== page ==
One year after he suffered a seizure near his summer home in Maine, Chief Justice John Roberts Jr. is not commenting on the current state of his health. In response to a series of written questions from Legal Times about possible medications or changes in lifestyle, or whether he has suffered any more seizures or other health problems, Roberts offered only a "no comment."
Last July 30, according to a press release issued that day by the Court, the chief justice experienced "minor scrapes" during a "benign idiopathic seizure" near his Hupper Island summer home. He was hospitalized overnight and released after extensive tests showed "no cause for concern." Because he had suffered a similar unexplained seizure in 1993, some medical experts said his condition fit the basic definition for epilepsy.
In his public appearances and on the bench, Roberts has shown no signs of abnormalities in the last year. But the widely publicized episode was disconcerting, and was viewed by commentators as a potentially life-changing event for the chief justice, now 53. "On a clear summer day, he became a middle-age man in need of emergency medical treatment," wrote Linda Greenhouse in the New York Times soon after the episode. "Might this encounter with illness even change the way John Roberts sees himself, his job or the world?"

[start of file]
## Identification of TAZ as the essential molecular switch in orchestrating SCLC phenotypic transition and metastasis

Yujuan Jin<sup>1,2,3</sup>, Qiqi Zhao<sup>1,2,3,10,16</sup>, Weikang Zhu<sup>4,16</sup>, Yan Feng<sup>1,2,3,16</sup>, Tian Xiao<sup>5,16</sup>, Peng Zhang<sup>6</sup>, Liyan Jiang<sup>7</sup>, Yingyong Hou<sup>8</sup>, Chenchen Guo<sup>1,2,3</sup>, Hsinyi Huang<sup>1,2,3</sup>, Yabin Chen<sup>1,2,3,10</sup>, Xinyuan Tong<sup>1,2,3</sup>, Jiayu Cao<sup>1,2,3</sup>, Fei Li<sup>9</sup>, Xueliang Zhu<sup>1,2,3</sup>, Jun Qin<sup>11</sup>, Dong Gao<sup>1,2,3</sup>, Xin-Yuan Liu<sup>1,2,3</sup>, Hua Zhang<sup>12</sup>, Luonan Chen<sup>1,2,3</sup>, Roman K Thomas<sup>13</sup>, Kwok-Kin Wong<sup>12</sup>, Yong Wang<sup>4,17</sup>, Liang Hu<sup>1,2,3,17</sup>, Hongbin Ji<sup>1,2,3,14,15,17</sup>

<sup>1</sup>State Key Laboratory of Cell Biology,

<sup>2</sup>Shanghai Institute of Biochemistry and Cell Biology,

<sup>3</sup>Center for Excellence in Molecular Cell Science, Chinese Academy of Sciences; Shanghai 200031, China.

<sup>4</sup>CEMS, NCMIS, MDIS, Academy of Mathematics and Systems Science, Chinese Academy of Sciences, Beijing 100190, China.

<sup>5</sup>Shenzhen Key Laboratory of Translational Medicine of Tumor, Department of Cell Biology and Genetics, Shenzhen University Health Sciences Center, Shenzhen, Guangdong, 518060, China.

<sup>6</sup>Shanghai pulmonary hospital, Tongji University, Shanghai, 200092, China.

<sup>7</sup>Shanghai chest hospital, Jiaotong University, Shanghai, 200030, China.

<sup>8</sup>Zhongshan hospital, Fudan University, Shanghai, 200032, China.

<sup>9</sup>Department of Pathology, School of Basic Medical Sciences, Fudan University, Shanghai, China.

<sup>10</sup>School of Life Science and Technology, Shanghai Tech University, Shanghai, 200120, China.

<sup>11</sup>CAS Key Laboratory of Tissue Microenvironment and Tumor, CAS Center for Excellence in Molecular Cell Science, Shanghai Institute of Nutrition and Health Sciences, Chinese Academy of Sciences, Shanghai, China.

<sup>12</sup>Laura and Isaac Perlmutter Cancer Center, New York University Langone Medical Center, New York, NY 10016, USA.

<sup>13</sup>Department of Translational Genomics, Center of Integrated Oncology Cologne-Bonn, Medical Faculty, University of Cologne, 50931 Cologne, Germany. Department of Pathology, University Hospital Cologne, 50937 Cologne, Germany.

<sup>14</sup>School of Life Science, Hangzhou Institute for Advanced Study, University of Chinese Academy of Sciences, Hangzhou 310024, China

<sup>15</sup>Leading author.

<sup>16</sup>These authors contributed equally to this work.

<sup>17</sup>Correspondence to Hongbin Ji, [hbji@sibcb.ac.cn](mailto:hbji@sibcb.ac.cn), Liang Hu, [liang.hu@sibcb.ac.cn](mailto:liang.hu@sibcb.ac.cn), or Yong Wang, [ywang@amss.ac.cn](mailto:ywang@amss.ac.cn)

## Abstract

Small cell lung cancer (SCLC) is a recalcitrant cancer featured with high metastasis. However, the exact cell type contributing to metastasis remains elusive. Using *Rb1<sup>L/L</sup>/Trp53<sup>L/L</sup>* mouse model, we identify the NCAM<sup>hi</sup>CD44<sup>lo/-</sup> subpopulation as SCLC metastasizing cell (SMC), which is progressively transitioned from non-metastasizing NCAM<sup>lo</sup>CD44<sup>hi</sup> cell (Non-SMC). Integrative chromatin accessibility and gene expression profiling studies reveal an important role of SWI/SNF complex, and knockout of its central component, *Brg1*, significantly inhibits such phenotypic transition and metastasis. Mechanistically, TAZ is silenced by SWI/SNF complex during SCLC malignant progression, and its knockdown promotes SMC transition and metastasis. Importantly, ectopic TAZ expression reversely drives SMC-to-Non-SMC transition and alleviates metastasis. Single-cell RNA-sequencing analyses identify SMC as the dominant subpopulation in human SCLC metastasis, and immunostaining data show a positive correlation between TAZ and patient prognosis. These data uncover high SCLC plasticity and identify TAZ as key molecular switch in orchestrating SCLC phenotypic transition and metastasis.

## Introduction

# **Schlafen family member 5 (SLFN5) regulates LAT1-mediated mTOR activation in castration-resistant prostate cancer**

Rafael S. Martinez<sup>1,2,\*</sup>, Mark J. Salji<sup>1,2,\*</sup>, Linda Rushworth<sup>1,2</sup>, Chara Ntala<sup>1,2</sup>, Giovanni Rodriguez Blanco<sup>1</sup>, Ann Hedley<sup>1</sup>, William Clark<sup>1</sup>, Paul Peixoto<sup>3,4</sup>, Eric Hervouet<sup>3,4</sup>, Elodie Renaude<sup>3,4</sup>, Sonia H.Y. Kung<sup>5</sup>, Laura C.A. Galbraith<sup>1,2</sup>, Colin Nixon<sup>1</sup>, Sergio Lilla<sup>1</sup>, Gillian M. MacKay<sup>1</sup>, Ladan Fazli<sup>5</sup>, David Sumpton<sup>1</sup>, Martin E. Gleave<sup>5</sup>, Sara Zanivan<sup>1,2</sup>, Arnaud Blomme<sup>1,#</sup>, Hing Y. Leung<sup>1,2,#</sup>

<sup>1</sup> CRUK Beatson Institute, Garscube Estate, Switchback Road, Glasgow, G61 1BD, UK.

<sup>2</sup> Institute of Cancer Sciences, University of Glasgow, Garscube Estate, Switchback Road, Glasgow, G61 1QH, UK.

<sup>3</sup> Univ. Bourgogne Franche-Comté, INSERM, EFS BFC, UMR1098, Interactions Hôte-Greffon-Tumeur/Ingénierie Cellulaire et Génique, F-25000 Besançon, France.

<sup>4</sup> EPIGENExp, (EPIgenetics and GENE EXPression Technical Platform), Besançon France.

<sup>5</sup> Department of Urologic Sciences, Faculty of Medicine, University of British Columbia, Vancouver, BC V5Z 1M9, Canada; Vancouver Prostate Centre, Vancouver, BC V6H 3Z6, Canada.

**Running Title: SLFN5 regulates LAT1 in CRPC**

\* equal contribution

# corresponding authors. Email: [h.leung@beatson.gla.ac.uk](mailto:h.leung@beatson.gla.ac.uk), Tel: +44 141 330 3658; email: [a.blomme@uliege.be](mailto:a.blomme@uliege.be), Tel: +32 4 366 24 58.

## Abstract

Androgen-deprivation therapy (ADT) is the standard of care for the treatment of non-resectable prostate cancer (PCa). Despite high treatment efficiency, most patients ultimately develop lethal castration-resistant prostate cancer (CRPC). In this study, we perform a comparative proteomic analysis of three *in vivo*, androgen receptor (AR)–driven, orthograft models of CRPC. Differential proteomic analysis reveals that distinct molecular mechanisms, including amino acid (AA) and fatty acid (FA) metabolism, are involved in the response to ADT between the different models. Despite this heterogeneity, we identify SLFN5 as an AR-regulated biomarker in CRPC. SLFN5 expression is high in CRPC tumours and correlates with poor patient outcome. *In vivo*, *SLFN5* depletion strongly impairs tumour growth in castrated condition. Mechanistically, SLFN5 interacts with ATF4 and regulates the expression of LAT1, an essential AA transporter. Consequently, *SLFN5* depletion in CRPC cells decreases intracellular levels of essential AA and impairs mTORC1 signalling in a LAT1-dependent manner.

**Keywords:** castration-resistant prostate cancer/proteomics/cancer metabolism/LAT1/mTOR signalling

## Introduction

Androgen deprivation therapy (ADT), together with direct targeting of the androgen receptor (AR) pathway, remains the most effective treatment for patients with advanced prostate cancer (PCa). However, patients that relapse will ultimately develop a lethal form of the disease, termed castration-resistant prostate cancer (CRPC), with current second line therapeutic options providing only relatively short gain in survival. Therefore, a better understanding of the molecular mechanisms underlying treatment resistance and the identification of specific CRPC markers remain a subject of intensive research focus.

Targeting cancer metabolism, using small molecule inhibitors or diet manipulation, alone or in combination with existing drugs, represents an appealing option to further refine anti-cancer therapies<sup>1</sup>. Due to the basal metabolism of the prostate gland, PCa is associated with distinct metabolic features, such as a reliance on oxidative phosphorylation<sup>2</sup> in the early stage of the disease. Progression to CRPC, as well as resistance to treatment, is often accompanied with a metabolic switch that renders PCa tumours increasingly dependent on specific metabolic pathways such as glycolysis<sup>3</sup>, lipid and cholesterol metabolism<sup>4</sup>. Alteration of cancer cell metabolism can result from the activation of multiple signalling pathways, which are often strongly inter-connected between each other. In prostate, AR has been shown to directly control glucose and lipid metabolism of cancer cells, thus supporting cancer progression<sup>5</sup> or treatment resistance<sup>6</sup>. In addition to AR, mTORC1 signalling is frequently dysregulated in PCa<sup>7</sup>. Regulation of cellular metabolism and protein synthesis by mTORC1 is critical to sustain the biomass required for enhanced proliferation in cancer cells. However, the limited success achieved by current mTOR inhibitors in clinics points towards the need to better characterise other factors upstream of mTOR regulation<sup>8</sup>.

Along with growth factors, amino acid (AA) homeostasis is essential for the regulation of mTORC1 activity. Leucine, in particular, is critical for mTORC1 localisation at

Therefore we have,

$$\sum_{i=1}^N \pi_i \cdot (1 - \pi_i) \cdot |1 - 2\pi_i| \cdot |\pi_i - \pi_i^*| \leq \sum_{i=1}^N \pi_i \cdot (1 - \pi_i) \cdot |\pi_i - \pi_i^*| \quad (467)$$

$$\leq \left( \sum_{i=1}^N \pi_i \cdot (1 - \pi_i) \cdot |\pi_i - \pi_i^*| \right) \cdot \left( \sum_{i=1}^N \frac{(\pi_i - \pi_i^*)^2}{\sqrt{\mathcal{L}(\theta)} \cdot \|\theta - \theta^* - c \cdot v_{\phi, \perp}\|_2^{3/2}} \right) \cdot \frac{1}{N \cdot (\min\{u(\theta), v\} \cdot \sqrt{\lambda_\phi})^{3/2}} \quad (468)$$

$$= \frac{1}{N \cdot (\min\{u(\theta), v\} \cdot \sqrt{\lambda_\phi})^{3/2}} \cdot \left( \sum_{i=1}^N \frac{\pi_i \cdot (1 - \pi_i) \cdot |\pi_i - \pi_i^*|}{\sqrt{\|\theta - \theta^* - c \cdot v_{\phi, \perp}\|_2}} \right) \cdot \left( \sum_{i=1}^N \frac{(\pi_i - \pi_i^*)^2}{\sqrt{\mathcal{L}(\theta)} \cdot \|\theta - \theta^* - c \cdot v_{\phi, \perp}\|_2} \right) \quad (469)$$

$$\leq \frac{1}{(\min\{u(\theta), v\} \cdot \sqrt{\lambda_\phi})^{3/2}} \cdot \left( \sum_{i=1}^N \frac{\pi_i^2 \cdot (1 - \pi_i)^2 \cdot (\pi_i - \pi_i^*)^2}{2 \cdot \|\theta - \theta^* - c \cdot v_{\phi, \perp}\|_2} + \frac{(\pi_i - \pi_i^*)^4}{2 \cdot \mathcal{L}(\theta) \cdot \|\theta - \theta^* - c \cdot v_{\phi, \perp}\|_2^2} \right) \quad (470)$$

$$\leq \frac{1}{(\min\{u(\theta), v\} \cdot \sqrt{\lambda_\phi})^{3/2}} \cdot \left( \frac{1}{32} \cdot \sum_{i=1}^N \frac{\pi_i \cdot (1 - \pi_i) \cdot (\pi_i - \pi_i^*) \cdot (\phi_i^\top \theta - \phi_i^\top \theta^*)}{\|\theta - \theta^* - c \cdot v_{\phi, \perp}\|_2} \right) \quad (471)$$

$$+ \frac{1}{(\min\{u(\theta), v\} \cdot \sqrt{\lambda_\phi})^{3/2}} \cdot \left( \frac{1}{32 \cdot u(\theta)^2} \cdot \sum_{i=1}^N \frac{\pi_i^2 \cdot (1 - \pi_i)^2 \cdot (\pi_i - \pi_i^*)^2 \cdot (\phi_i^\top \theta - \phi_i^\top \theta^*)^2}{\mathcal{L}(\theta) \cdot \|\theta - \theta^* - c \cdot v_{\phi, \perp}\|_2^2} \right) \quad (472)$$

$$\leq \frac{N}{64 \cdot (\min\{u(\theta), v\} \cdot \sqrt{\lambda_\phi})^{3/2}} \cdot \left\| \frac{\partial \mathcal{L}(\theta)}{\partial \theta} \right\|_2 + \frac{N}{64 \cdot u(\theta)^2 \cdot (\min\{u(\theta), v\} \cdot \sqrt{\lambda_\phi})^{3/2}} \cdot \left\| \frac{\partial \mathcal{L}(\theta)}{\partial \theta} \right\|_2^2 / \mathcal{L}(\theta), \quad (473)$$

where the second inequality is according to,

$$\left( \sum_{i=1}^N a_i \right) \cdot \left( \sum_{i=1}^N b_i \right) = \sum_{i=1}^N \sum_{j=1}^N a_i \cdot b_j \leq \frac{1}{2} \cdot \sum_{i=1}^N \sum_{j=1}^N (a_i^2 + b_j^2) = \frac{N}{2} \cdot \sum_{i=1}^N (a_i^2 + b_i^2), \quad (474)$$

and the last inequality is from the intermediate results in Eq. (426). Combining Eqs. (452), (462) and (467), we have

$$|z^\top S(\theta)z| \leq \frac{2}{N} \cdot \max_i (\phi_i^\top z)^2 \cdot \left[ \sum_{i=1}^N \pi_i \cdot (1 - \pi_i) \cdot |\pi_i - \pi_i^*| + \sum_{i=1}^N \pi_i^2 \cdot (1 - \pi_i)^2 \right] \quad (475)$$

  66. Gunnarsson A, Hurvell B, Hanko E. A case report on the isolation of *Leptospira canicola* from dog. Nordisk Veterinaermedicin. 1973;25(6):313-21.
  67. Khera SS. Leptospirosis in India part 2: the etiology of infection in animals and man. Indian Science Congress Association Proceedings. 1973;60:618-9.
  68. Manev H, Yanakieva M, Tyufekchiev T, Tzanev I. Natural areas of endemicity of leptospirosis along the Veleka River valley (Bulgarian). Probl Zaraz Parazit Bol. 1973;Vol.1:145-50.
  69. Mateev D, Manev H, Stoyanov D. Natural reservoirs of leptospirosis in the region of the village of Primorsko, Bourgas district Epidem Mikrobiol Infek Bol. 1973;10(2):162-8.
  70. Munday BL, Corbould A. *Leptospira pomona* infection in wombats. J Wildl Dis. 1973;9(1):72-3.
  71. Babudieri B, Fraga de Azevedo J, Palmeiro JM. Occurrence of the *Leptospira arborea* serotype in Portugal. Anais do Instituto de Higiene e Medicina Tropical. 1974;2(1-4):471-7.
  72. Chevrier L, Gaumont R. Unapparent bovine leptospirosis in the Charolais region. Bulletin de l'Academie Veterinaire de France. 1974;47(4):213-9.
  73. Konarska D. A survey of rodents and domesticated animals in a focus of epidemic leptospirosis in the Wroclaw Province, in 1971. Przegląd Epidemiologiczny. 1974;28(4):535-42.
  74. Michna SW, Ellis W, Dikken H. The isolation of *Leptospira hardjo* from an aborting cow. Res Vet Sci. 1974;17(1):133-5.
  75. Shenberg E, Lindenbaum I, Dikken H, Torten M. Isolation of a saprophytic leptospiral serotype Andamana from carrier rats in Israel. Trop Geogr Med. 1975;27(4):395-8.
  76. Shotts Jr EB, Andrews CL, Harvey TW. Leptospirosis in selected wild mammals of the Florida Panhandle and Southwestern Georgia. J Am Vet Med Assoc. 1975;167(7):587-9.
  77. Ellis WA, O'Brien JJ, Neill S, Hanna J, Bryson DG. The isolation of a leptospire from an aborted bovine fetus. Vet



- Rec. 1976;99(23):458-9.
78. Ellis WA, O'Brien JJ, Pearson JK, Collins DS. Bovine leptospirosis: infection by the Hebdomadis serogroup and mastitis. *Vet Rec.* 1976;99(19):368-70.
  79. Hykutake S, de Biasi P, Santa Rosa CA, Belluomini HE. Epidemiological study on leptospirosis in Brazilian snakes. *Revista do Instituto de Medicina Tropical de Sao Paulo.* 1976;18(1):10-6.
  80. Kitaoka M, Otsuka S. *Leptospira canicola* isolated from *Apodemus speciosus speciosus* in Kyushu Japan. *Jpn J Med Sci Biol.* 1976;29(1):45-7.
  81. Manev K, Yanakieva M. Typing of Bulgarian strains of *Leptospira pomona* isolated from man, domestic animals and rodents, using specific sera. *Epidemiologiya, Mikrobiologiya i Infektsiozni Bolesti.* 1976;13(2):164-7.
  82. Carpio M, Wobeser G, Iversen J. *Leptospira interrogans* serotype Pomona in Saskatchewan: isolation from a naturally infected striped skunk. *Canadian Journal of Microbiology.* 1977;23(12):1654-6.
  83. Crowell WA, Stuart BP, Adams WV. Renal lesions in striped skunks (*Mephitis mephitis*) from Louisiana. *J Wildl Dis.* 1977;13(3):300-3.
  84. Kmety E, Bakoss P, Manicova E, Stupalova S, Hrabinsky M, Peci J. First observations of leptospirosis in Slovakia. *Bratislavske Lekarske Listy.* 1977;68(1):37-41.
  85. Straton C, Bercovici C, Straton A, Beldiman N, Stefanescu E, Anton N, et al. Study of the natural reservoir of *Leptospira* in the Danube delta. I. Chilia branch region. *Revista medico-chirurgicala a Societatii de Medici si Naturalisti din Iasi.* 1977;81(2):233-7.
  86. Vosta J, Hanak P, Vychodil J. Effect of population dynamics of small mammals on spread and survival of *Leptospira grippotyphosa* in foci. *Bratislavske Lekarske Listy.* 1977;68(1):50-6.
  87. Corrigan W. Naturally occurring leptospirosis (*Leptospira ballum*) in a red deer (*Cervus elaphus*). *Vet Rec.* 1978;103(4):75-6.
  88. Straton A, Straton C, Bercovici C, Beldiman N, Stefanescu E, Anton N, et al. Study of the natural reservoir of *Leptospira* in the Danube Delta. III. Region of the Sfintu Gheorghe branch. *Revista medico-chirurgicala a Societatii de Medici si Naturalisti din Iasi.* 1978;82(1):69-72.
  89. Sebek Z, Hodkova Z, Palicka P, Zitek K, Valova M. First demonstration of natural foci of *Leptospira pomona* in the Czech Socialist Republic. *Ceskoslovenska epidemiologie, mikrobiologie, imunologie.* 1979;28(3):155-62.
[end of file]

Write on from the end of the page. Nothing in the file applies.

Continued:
But as with most other justices with health problems through history, Roberts has not offered the public the same kind of detailed medical report that has become routine for presidents and other public figures, preferring instead to let his work speak for itself.
But that is not enough, says University of Cambridge professor David Garrow, who has written extensively about the infirmities of Supreme Court justices. "Given how much public attention his seizure attracted at the time, it ill behooves both the chief justice individually, and the Court as an independent branch of government, to refuse to comment whatsoever about a genuine matter of public concern involving one of the government's top officials."